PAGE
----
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> Allergies, $6.6million government Anaphylaxis action plan
post Oct 4 2007, 11:28 AM
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The Western Australian State Government has committed $6.6million to a new plan to help the growing number of Western Australian children who suffer from potentially fatal allergic reactions.

Premier Alan Carpenter said the plan included a training program for teachers and childcare workers to instruct them how to handle an allergy emergency.

The plan followed a review into the management of anaphylaxis in schools and childcare centres carried out by the Anaphylaxis Expert Working Committee, which comprised a team of doctors, education staff, dieticians, community groups and other experts.

The Premier said the Western Australian Government would act upon all eight recommendations from the review.

“Anaphylaxis is a severe allergic reaction that can be triggered by exposure to certain foods such as peanuts, fish, shellfish, milk, eggs, wheat and soy,” he said.

“The potentially life threatening symptoms include breathing difficulties, swelling of the tongue and throat and loss of consciousness.

“The training program will provide reassurance for parents of children with severe allergies that carers have the necessary skills to deal with an emergency.

“With severe allergies affecting two per cent of Western Australian children, most schools and childcare centres will be called on to manage at least one child who is at risk of anaphylaxis.

“The training program will be developed over the next 12 months and implemented across the State over the following three years.”

The plan also includes:
  • Establishment of a Western Australian Anaphylaxis Service with specialist units set up at Princess Margaret Hospital, Joondalup and Fremantle;
  • changes to legislation to allow teachers and childcare workers to give adrenaline in all emergency situations related to allergy reactions;
  • specialist allergy training for an extra four to six GPs a year;
  • establishing a specialist telephone advice line for GPs; and
  • a community awareness campaign.
“In an emergency, people suffering from an anaphylactic reaction need to be treated with an adrenaline shot,” Mr Carpenter said.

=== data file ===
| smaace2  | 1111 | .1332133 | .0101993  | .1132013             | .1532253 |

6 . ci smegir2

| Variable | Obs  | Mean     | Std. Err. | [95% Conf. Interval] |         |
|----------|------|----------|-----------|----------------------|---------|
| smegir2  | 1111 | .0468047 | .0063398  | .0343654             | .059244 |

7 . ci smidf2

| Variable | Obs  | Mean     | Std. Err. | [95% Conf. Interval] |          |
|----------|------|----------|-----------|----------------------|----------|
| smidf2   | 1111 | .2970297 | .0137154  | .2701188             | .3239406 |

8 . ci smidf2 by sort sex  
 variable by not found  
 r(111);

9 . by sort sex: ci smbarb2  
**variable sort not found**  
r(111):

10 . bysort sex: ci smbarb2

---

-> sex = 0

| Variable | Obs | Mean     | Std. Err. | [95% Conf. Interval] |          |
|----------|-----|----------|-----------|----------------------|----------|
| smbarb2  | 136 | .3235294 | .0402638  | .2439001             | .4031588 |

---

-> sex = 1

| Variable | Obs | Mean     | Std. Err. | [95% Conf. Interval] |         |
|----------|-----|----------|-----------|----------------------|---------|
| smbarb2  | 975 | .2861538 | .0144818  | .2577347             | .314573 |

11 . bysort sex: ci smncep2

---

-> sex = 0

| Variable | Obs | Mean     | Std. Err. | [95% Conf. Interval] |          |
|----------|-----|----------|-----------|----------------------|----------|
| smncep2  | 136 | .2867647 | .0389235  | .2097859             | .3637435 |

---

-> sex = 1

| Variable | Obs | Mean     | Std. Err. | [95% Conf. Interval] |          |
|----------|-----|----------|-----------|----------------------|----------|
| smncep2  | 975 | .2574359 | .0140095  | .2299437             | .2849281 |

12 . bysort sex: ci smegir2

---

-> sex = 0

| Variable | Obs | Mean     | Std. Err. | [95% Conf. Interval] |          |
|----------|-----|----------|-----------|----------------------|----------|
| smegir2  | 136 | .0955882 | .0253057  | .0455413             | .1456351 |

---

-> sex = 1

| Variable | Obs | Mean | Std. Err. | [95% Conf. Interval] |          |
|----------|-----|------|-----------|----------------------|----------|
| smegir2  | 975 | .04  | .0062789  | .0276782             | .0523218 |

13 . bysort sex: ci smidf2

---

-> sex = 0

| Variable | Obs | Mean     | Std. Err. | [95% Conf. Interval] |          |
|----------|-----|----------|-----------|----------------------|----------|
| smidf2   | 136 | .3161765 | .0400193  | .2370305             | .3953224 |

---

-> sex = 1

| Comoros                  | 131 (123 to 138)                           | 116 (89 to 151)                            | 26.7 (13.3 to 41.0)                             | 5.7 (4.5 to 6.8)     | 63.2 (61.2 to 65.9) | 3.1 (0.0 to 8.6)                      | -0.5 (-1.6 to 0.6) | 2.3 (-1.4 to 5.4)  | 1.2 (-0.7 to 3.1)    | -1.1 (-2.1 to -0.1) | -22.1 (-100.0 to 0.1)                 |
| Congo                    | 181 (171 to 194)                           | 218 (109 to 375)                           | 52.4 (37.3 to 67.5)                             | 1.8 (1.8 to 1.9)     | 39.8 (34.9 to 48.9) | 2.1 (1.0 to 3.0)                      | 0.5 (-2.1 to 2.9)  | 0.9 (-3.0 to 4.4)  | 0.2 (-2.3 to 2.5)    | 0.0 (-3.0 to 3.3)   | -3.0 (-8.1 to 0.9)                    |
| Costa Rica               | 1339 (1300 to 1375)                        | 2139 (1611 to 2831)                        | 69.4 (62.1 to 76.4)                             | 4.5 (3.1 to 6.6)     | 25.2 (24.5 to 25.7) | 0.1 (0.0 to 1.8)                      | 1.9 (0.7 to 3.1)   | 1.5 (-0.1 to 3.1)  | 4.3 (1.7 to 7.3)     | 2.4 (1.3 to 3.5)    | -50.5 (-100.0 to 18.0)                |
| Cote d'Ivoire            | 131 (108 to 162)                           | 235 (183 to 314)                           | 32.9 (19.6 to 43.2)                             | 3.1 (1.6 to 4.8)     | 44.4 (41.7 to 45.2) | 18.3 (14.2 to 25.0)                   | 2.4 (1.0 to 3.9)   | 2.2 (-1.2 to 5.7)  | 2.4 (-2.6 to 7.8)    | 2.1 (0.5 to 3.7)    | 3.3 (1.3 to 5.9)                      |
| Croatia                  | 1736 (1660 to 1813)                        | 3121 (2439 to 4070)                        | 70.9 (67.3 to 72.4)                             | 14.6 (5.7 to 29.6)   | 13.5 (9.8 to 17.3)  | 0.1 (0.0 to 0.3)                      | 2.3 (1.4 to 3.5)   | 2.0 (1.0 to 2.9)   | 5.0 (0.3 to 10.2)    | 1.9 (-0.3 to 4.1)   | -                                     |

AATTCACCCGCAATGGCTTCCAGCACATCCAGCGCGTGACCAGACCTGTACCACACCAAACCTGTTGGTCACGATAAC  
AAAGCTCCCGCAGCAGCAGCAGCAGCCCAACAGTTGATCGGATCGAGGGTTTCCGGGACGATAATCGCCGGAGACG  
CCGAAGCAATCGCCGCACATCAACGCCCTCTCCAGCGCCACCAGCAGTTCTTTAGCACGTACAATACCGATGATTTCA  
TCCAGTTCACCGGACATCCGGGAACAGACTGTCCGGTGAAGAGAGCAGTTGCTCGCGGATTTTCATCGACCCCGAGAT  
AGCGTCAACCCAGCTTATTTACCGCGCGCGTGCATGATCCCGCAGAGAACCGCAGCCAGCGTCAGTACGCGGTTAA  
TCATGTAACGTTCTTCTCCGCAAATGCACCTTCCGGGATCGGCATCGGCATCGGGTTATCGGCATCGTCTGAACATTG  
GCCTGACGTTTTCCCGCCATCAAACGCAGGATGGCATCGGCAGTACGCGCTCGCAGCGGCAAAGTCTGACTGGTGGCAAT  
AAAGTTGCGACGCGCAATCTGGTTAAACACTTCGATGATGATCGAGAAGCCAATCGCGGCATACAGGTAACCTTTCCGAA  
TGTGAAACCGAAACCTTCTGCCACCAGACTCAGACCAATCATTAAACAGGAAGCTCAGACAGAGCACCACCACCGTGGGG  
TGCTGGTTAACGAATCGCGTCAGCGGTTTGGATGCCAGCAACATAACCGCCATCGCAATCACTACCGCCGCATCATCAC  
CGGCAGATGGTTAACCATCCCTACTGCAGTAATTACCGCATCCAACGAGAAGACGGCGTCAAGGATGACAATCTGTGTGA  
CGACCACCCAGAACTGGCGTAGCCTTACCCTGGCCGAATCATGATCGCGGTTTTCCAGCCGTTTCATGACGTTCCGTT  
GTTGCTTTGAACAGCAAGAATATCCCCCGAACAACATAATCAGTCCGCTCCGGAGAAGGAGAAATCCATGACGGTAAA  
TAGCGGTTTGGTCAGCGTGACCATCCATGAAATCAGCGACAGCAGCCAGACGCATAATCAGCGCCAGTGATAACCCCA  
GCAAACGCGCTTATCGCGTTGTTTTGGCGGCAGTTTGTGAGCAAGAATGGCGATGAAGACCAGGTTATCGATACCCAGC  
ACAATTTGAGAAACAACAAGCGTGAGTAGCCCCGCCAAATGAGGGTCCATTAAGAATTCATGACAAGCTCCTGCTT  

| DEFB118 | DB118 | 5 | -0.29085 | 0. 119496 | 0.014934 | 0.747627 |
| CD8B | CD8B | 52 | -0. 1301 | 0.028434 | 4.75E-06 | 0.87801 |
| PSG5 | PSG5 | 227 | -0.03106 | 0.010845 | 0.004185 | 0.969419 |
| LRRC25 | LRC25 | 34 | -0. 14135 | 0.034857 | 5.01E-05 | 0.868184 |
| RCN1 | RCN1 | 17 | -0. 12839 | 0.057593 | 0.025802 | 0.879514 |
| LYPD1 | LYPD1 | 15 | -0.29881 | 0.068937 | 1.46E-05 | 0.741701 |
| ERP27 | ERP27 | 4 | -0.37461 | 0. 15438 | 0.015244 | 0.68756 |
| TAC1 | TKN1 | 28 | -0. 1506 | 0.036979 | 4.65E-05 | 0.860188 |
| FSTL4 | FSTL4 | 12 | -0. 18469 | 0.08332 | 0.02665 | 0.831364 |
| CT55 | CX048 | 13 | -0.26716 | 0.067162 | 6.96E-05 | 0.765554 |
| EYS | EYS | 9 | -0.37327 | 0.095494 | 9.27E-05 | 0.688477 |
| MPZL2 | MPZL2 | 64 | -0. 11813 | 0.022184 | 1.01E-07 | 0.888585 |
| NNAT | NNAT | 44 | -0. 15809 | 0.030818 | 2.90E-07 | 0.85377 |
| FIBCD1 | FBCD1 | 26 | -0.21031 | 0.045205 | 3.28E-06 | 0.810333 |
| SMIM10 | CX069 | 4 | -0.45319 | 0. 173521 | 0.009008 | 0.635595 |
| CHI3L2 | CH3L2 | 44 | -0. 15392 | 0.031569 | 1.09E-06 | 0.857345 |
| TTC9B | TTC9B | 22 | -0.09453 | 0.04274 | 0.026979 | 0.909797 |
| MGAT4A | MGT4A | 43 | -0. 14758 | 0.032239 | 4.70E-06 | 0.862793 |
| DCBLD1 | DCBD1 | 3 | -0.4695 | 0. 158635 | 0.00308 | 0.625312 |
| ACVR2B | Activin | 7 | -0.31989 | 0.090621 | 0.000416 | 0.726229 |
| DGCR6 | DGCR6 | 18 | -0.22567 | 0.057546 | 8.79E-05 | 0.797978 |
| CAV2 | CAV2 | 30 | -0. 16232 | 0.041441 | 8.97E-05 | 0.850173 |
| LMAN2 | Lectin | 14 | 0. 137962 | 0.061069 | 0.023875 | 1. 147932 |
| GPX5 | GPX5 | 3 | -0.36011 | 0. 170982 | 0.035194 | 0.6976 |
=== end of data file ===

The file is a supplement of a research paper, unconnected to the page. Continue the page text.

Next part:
“At the moment teachers and childcare workers can only give adrenaline to a child who has been diagnosed with a severe allergy, when parents have given consent and staff have been trained to give it.

“Because anaphylaxis can occasionally occur in a child who has not been diagnosed with an allergy, changes to the legislation will allow a teacher or childcare worker to give adrenaline in an emergency situation.

“New legislation will also allow adrenaline EpiPens to be added to first-aid boxes at all schools and childcare centres.

“The proposed new laws will be introduced to Parliament next year.”

The Premier said the Western Australian Anaphylaxis Service would be developed over the next 12 months and would reduce the waiting time for a child to see an allergy specialist from nine months to just four weeks.

He said the community awareness campaign, which would initially target teachers, childcare workers and parents, would involve press and radio advertising, mail-outs and posters for schools and childcare centres.

The plan had been developed by the Department of Health, Department for Communities (formerly Department for Community Development) and the Department of Education and Training.

“It was vital that this plan included the input of all stakeholders and I congratulate everyone involved, particularly the Anaphylaxis Expert Working Committee headed by Clinical Associate Professor Richard Loh,” Mr Carpenter said.

“No child in Western Australia has died from anaphylaxis and I sincerely hope that this plan goes a long way towards ensuring it stays that way.”

The report ‘Anaphylaxis: Meeting the challenge for Western Australian Children’, including the full list of recommendations, will be available from http://www.health.wa.gov.au/publications/s...hild_health.cfm

Ben, Skype "Perth-", Western Australia
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